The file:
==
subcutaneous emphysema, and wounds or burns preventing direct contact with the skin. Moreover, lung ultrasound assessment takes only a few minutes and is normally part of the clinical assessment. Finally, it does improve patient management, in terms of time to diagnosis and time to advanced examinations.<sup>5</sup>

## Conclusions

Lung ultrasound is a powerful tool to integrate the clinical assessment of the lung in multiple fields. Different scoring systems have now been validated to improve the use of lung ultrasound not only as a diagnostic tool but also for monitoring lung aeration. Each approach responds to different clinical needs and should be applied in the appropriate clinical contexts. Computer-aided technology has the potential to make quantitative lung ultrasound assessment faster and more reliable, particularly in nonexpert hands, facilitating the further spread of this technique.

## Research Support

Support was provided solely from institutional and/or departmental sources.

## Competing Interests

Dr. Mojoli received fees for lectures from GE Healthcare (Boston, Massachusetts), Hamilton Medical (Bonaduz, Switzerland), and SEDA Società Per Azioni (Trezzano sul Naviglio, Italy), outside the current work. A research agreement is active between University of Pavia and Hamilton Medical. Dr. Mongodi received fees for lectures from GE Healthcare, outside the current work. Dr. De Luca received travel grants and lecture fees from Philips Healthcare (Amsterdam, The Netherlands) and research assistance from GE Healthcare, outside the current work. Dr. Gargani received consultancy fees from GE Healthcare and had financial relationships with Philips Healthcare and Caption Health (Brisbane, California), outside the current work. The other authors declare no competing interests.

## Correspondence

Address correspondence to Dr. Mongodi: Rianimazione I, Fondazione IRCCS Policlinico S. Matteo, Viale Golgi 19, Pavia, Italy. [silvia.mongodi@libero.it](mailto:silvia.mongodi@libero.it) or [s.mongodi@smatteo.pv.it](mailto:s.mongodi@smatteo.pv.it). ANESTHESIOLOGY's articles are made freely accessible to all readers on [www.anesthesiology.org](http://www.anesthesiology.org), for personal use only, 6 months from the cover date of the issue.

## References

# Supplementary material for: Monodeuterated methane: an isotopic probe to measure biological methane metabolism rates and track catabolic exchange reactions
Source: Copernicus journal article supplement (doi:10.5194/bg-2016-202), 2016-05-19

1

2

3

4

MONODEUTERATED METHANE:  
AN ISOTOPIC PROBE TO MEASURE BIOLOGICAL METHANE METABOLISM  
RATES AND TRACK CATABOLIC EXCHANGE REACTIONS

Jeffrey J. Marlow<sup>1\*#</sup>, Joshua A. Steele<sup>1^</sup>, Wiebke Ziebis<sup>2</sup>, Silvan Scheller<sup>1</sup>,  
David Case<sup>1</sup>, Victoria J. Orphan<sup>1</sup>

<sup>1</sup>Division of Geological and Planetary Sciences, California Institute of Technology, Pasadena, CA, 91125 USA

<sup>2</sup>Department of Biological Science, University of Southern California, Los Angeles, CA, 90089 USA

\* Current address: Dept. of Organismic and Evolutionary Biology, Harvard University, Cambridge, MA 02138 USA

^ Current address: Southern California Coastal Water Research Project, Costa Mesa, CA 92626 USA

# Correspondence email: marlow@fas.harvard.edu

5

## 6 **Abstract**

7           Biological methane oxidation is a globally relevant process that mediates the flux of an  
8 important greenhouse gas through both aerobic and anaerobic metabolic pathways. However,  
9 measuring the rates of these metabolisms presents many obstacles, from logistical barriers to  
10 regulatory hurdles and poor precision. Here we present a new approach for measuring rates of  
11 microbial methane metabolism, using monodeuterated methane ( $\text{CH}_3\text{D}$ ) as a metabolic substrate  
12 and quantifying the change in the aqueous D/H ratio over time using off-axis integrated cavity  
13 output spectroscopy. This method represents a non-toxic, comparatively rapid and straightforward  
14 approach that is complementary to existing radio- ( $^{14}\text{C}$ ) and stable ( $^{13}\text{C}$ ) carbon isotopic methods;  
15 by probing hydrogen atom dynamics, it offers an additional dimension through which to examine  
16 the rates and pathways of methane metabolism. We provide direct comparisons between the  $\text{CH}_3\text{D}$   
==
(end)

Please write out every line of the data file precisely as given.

subcutaneous emphysema, and wounds or burns preventing direct contact with the skin. Moreover, lung ultrasound assessment takes only a few minutes and is normally part of the clinical assessment. Finally, it does improve patient management, in terms of time to diagnosis and time to advanced examinations.<sup>5</sup>

## Conclusions

Lung ultrasound is a powerful tool to integrate the clinical assessment of the lung in multiple fields. Different scoring systems have now been validated to improve the use of lung ultrasound not only as a diagnostic tool but also for monitoring lung aeration. Each approach responds to different clinical needs and should be applied in the appropriate clinical contexts. Computer-aided technology has the potential to make quantitative lung ultrasound assessment faster and more reliable, particularly in nonexpert hands, facilitating the further spread of this technique.

## Research Support

Support was provided solely from institutional and/or departmental sources.

## Competing Interests

Dr. Mojoli received fees for lectures from GE Healthcare (Boston, Massachusetts), Hamilton Medical (Bonaduz, Switzerland), and SEDA Società Per Azioni (Trezzano sul Naviglio, Italy), outside the current work. A research agreement is active between University of Pavia and Hamilton Medical. Dr. Mongodi received fees for lectures from GE Healthcare, outside the current work. Dr. De Luca received travel grants and lecture fees from Philips Healthcare (Amsterdam, The Netherlands) and research assistance from GE Healthcare, outside the current work. Dr. Gargani received consultancy fees from GE Healthcare and had financial relationships with Philips Healthcare and Caption Health (Brisbane, California), outside the current work. The other authors declare no competing interests.

## Correspondence

Address correspondence to Dr. Mongodi: Rianimazione I, Fondazione IRCCS Policlinico S. Matteo, Viale Golgi 19, Pavia, Italy. [silvia.mongodi@libero.it](mailto:silvia.mongodi@libero.it) or [s.mongodi@smatteo.pv.it](mailto:s.mongodi@smatteo.pv.it). ANESTHESIOLOGY's articles are made freely accessible to all readers on [www.anesthesiology.org](http://www.anesthesiology.org), for personal use only, 6 months from the cover date of the issue.

## References

# Supplementary material for: Monodeuterated methane: an isotopic probe to measure biological methane metabolism rates and track catabolic exchange reactions
Source: Copernicus journal article supplement (doi:10.5194/bg-2016-202), 2016-05-19

1

2

3

4

MONODEUTERATED METHANE:  
AN ISOTOPIC PROBE TO MEASURE BIOLOGICAL METHANE METABOLISM  
RATES AND TRACK CATABOLIC EXCHANGE REACTIONS

Jeffrey J. Marlow<sup>1\*#</sup>, Joshua A. Steele<sup>1^</sup>, Wiebke Ziebis<sup>2</sup>, Silvan Scheller<sup>1</sup>,  
David Case<sup>1</sup>, Victoria J. Orphan<sup>1</sup>

<sup>1</sup>Division of Geological and Planetary Sciences, California Institute of Technology, Pasadena, CA, 91125 USA

<sup>2</sup>Department of Biological Science, University of Southern California, Los Angeles, CA, 90089 USA

\* Current address: Dept. of Organismic and Evolutionary Biology, Harvard University, Cambridge, MA 02138 USA

^ Current address: Southern California Coastal Water Research Project, Costa Mesa, CA 92626 USA

# Correspondence email: marlow@fas.harvard.edu

5

## 6 **Abstract**

7           Biological methane oxidation is a globally relevant process that mediates the flux of an  
8 important greenhouse gas through both aerobic and anaerobic metabolic pathways. However,  
9 measuring the rates of these metabolisms presents many obstacles, from logistical barriers to  
10 regulatory hurdles and poor precision. Here we present a new approach for measuring rates of  
11 microbial methane metabolism, using monodeuterated methane ( $\text{CH}_3\text{D}$ ) as a metabolic substrate  
12 and quantifying the change in the aqueous D/H ratio over time using off-axis integrated cavity  
13 output spectroscopy. This method represents a non-toxic, comparatively rapid and straightforward  
14 approach that is complementary to existing radio- ( $^{14}\text{C}$ ) and stable ( $^{13}\text{C}$ ) carbon isotopic methods;  
15 by probing hydrogen atom dynamics, it offers an additional dimension through which to examine  
16 the rates and pathways of methane metabolism. We provide direct comparisons between the  $\text{CH}_3\text{D}$   